Emergency Tax Explained
Emergency tax commonly occurs when HMRC hold insufficient information on your income and tax details for the tax year. This means that the correct tax code is unavailable; therefore you will be issued with a temporary emergency tax code.
Reasons why you may have an emergency tax code
- You have recently started a new job and haven’t got a P45 from your previous employer.
- You have started your first job.
- You have started in PAYE employment after previously being self-employed.
- You have started receiving company benefits such as a company car.
- You have started receiving the State Pension.
What is an emergency tax code?
When you are emergency taxed, you will be given a temporary emergency tax code. Your employer will use this to determine how much tax to deduct from your wages. This will be used until HMRC have sufficient information to work out your correct tax code.
How to tell if you have an emergency tax code
You can tell if you have an emergency tax code by checking your pay slip. If your tax code is one of those below, you are being emergency taxed.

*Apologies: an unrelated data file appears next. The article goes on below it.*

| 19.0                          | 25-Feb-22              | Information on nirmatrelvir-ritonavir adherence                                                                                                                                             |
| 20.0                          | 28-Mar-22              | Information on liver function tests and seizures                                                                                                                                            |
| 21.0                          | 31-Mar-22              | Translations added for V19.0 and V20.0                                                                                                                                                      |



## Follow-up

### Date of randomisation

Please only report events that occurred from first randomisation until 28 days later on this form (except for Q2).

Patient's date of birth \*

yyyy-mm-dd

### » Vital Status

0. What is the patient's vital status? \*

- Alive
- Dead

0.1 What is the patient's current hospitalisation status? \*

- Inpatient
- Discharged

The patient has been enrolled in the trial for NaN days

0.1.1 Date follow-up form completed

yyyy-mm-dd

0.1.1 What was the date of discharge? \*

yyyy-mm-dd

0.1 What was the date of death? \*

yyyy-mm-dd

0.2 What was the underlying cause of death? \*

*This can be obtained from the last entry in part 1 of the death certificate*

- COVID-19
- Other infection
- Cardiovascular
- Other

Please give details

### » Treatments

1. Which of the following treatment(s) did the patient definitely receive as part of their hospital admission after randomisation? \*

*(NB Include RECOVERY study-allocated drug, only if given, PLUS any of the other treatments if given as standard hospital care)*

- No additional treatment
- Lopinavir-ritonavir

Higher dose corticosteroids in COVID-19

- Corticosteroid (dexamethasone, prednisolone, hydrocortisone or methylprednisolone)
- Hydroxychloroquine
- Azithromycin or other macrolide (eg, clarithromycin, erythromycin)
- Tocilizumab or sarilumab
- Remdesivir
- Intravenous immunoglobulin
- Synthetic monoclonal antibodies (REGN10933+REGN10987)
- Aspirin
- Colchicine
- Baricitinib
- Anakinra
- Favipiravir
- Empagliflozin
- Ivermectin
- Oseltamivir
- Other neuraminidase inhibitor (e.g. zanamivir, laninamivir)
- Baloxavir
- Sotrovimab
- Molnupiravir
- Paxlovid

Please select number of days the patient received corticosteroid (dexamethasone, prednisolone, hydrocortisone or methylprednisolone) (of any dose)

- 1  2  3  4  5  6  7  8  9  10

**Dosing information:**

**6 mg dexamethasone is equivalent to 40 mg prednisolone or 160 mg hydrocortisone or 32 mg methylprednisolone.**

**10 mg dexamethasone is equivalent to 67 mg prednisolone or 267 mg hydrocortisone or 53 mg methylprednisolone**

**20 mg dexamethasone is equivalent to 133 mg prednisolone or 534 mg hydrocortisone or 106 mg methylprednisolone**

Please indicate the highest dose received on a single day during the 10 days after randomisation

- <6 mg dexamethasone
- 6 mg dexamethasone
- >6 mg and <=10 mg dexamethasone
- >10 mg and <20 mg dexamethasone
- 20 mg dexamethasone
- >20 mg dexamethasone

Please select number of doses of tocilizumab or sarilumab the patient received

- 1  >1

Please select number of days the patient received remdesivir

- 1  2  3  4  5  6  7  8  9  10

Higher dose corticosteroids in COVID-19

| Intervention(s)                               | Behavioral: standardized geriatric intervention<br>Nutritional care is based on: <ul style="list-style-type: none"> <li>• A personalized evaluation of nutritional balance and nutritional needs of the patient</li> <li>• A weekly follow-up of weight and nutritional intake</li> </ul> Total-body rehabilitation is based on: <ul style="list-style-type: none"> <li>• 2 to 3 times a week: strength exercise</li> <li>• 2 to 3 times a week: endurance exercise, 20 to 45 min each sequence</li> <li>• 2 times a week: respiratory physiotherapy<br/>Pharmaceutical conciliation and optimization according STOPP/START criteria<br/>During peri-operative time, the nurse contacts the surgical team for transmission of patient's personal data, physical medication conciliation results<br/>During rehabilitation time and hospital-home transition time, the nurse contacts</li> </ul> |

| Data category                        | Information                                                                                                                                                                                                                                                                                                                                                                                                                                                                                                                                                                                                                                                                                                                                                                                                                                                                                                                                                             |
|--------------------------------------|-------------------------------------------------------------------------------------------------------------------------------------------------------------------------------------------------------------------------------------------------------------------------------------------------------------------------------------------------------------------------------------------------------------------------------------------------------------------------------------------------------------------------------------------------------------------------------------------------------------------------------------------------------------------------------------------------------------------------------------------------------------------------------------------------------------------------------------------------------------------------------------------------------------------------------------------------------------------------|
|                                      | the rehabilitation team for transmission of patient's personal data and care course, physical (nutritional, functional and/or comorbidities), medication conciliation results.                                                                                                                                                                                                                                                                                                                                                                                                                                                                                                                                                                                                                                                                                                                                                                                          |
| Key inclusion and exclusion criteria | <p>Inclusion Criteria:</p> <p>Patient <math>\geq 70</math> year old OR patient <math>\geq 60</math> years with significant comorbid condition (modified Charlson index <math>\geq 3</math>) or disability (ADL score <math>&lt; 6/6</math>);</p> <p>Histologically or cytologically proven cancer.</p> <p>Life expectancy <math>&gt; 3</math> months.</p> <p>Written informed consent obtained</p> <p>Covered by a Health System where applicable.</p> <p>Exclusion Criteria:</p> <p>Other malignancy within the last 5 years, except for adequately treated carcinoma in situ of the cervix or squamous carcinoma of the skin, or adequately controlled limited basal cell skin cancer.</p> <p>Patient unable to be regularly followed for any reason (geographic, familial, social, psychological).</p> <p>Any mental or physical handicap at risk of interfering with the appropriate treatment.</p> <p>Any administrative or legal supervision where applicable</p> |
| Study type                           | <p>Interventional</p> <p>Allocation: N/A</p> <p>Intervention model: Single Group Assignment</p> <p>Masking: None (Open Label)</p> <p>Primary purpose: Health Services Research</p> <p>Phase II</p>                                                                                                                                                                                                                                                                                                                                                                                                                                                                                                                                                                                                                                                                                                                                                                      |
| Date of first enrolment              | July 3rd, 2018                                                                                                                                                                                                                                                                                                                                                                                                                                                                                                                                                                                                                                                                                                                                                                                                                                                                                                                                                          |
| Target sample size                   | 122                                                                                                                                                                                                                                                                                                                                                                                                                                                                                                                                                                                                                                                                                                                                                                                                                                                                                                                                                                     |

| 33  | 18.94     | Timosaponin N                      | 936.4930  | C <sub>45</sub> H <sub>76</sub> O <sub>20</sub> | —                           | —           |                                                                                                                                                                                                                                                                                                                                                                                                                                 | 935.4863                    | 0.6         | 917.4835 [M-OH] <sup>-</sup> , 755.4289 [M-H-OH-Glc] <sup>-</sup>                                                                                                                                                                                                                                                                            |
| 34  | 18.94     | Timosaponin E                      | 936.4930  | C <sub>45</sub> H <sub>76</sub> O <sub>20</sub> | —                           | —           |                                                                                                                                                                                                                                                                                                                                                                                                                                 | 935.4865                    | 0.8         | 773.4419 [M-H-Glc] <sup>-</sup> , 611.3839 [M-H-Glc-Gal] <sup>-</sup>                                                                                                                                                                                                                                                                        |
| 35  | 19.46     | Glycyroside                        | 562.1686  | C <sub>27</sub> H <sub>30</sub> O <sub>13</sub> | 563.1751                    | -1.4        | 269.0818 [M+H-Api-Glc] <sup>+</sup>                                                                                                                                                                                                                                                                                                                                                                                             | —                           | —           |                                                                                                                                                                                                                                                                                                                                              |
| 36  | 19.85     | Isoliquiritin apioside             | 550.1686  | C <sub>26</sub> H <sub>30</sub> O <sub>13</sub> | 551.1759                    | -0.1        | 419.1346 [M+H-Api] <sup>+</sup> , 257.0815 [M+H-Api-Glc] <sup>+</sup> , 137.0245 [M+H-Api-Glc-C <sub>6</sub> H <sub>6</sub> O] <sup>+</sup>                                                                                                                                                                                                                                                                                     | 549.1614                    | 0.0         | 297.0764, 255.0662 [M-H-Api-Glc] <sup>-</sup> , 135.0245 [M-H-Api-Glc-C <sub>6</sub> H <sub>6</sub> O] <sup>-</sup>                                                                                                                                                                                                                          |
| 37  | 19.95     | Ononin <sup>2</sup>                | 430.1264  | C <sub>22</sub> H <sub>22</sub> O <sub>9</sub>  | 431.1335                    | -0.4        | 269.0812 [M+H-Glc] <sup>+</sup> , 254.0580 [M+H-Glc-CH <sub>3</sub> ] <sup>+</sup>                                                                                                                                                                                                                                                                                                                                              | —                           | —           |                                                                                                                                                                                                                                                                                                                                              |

- 1100L W1
- 1100L M1
- 1100L X
- BR (20% tax)
- 0T (40% tax)
How much is emergency tax?
While you are on an emergency tax code beginning with 1060L you will be given a Personal Allowance. You will pay tax on all income above this amount (currently £10,600 for tax year 2015/16). This will be the correct amount of tax for most employees as it assumes that you are entitled to either 1/12 (1060L M1) of the allowance each month, or 1/52 (1060L W1) if you are paid weekly. These tax codes are ‘non-cumulative’ and based only on the current pay period.
If you have been given a BR tax code, you will be taxed at the 20% basic rate and will not receive a Personal Allowance.
Those with an 0T tax code will be taxed taking into account the basic rate, the higher rate, and the additional rate. This tax code only affects those whose earnings exceed the basic rate tax band. If you have an 0T tax code you will not get any Personal Allowance until you have been issued with the correct tax code.
You should review your P60 at the end of the tax year in order to identify whether you are eligible for a tax refund. Overpaid taxed can be reclaimed from HMRC.
Correcting your tax code
Once you have provided your employer with your P45 and/or details of your previous income and tax paid, your tax code will be updated automatically. HMRC will then send you a PAYE Coding Notice containing your new tax code. When you next receive a payslip from your employer, this should show your new tax code as well as any adjustments that have been made to your pay (if you were paying an incorrect amount of tax).
If you think that you’re tax code is still incorrect, you should contact HMRC.